• Prolonged AMP may increase the risk of MRSA SSI.
  • The bundle was associated with the decrease in the incidence of MRSA SSIs.

Full reference:Kawamura, H et al.A bundle that includes active surveillance, contact precaution for carriers, and cefazolin-based antimicrobial prophylaxis prevents methicillin-resistant Staphylococcus aureus infections in clean orthopedic surgery. American Journal of Infection Control. Available online 30 October 2015

 

Model for Improvement reduced surgical site infections

An improvement collaborative implemented a care bundle to reduce surgical site infections amongst children. Over a two year period they used the Model for Improvement to develop and implement change. Organisations were encouraged to adopt all or part of the bundle. Support was provided through webinars, discussion boards, targeted messages to leaders and in-person training. Within six months, 97% of organisations were using the bundle reliably. There was a 21% reduction in surgical site infection rates, from an average of 2.5 per 100 procedures to 1.8 per 100 procedures. The reduction was sustained over the 15 month follow-up period.

Schaffzin JK, et al. Surgical site infection reduction by the Solutions for Patient Safety Hospital Engagement Network. Pediatrics. Nov;136(5)1353-60 2015.

A multifaceted prevention program to reduce infection after cesarean section: Interventions assessed using an intensive postdischarge surveillance system

American Journal of Infection Control: August 1, 2015 Volume 43, Issue 8, Pages 805–809

Background
We assessed the effects of the components of a multifaceted and evidence-based caesarean-section surgical site infection (SSI) prevention program on the SSI rate after cesarean section using a postdischarge surveillance (PDS) system.

Methods
Multiple prevention interventions were serially implemented. SSI case finding was undertaken through active inpatient surveillance and intensive PDS using a standardized form at the 6-week postdischarge visit. SSI diagnosis was made using the Centers for Disease Control and Prevention standardized criteria. All cesarean deliveries between July 2007 and December 2012 were included. Changes in SSI rate were analyzed using segmented regression analysis.

Results
Nine thousand four hundred forty-two cesarean sections were assessed during the study period. PDS forms were completed for 7,985 women (85%). SSI was detected in 451 cases (5.6%): 91% were superficial, 9% were deep/organ-space infections. The SSI rate decreased incrementally from 8.2% at baseline to 4.1%; significant decreases were observed after optimizing antibiotic prophylaxis timing, using a surgical safety checklist, and enhancing prenatal education to discourage prehospital self-removal of hair. Nonelective surgeries or those undertaken after >12 hours of rupture of membranes had a significantly higher rate compared with those without either risk factor (6.3% vs 3.2%; P < .001).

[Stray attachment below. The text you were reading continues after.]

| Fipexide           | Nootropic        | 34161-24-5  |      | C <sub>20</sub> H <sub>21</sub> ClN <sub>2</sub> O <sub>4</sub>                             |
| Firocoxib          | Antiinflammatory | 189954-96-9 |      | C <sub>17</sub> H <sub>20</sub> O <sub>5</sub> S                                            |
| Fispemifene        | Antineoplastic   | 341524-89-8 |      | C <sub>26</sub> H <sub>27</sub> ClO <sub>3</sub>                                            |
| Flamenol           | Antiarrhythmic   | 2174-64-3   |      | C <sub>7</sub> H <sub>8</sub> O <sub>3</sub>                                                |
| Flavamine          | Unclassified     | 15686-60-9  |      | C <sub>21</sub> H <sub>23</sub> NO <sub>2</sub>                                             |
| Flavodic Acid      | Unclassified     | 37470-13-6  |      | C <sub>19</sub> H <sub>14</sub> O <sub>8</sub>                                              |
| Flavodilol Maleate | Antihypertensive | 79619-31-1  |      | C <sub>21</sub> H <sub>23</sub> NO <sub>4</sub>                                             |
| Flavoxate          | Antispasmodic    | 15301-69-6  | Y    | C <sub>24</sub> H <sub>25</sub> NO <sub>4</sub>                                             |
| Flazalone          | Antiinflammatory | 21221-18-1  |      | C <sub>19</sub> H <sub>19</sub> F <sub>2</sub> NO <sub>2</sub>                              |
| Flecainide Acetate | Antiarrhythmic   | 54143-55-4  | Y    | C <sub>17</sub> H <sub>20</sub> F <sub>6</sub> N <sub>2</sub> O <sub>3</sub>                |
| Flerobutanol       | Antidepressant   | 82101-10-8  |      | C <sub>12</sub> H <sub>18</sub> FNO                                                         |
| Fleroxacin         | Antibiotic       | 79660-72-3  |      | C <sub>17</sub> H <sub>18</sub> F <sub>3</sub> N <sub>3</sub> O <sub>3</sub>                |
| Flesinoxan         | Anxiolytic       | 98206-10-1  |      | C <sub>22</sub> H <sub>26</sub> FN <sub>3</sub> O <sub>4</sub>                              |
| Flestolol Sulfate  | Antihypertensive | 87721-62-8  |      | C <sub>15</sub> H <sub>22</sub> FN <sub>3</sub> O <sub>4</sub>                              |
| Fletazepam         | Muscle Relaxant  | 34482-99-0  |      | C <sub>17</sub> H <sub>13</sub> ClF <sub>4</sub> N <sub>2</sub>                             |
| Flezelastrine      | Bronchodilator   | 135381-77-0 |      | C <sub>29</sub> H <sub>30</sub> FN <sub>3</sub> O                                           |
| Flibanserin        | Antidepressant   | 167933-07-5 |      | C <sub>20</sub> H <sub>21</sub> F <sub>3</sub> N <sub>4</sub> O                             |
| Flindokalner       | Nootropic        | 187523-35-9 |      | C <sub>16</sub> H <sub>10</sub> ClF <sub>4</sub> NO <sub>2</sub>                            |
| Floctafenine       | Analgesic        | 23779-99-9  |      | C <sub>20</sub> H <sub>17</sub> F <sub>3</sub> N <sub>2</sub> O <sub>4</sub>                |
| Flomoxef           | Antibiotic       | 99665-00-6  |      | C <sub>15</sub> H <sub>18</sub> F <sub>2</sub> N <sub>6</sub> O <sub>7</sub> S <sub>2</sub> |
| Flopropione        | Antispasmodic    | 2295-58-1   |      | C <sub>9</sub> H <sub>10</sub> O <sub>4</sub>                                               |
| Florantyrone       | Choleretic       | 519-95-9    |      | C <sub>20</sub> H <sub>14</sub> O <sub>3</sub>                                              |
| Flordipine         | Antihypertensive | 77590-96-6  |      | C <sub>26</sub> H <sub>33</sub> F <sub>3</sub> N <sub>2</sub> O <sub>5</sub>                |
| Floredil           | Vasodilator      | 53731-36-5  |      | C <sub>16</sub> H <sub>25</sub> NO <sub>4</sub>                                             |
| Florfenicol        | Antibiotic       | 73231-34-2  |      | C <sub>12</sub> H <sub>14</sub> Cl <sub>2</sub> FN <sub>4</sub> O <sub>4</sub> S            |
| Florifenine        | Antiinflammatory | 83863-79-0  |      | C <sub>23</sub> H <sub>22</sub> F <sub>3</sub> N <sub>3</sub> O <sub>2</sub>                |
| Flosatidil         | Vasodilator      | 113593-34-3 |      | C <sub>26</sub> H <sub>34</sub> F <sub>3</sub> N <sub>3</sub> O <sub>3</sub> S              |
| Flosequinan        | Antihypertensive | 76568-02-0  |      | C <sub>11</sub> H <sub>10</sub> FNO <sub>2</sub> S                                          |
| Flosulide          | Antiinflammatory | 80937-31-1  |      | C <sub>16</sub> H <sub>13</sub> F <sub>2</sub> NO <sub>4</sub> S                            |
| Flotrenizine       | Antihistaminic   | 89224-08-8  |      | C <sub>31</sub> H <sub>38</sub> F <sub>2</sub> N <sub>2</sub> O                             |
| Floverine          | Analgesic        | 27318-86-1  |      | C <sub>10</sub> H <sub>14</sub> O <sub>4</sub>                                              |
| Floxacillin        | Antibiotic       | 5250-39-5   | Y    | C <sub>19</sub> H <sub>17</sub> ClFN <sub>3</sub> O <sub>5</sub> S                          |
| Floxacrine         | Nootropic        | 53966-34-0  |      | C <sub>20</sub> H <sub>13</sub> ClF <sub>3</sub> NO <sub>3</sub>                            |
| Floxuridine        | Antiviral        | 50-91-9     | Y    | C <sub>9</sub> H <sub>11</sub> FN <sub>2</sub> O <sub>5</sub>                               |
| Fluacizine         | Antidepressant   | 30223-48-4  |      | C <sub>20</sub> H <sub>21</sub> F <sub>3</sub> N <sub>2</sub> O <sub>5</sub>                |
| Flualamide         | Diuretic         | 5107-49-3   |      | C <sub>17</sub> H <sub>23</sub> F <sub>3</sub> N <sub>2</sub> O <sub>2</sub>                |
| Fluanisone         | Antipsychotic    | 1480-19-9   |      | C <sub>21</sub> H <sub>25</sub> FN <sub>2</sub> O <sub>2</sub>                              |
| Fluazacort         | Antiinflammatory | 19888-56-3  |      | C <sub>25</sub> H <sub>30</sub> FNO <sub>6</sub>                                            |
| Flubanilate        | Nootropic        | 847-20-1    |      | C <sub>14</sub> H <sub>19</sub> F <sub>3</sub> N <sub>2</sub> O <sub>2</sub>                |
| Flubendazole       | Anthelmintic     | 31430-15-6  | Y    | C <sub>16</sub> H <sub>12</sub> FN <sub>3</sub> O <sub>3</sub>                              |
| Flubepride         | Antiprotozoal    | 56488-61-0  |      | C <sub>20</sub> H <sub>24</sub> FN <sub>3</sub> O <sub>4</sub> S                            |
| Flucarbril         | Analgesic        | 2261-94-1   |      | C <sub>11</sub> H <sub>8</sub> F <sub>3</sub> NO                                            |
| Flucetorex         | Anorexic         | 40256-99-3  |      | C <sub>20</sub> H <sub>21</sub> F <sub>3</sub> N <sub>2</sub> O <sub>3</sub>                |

Conclusions
A multifaceted SSI prevention strategy, with periodic feedback of data, led to a significant reduction in SSI rates after cesarean section.

via A multifaceted prevention program to reduce infection after cesarean section: Interventions assessed using an intensive postdischarge surveillance system – American Journal of Infection Control.

Wearing two sets of gloves reduces contamination in surgery

A simple intervention such as wearing double gloves and removing the outer layer after touching the patient during surgery can reduce contamination. This study tested, in a simulated environment, whether anaesthetists wearing two pairs of gloves reduced contamination in surgery. The outer set of gloves was removed immediately after placing a tube into the airway. In half of the 22 simulation sessions personnel wore a single pair of gloves and in the other half they wore two sets of gloves. Before the simulation, the lips and inside of the mouth of the mannequin were coated with a fluorescent gel to represent a pathogen. After the simulation, an observer examined 40 different sites to determine whether the ‘pathogen’ was transferred to the patient or the patient’s environment. There was a significant reduction in the rate of contamination with double gloves. Single gloves were associated with an average of 20 contaminated sites compared to five with double gloves.

Reference: Birnbach DJ, Rosen LF, Fitzpatrick M, Carling P, Arheart KL, Munoz-Price LS. Double gloves: a randomized trial to evaluate a simple strategy to reduce contamination in the operating room. Anesthesia and Analgesia. 2015 Mar;120(4):848-852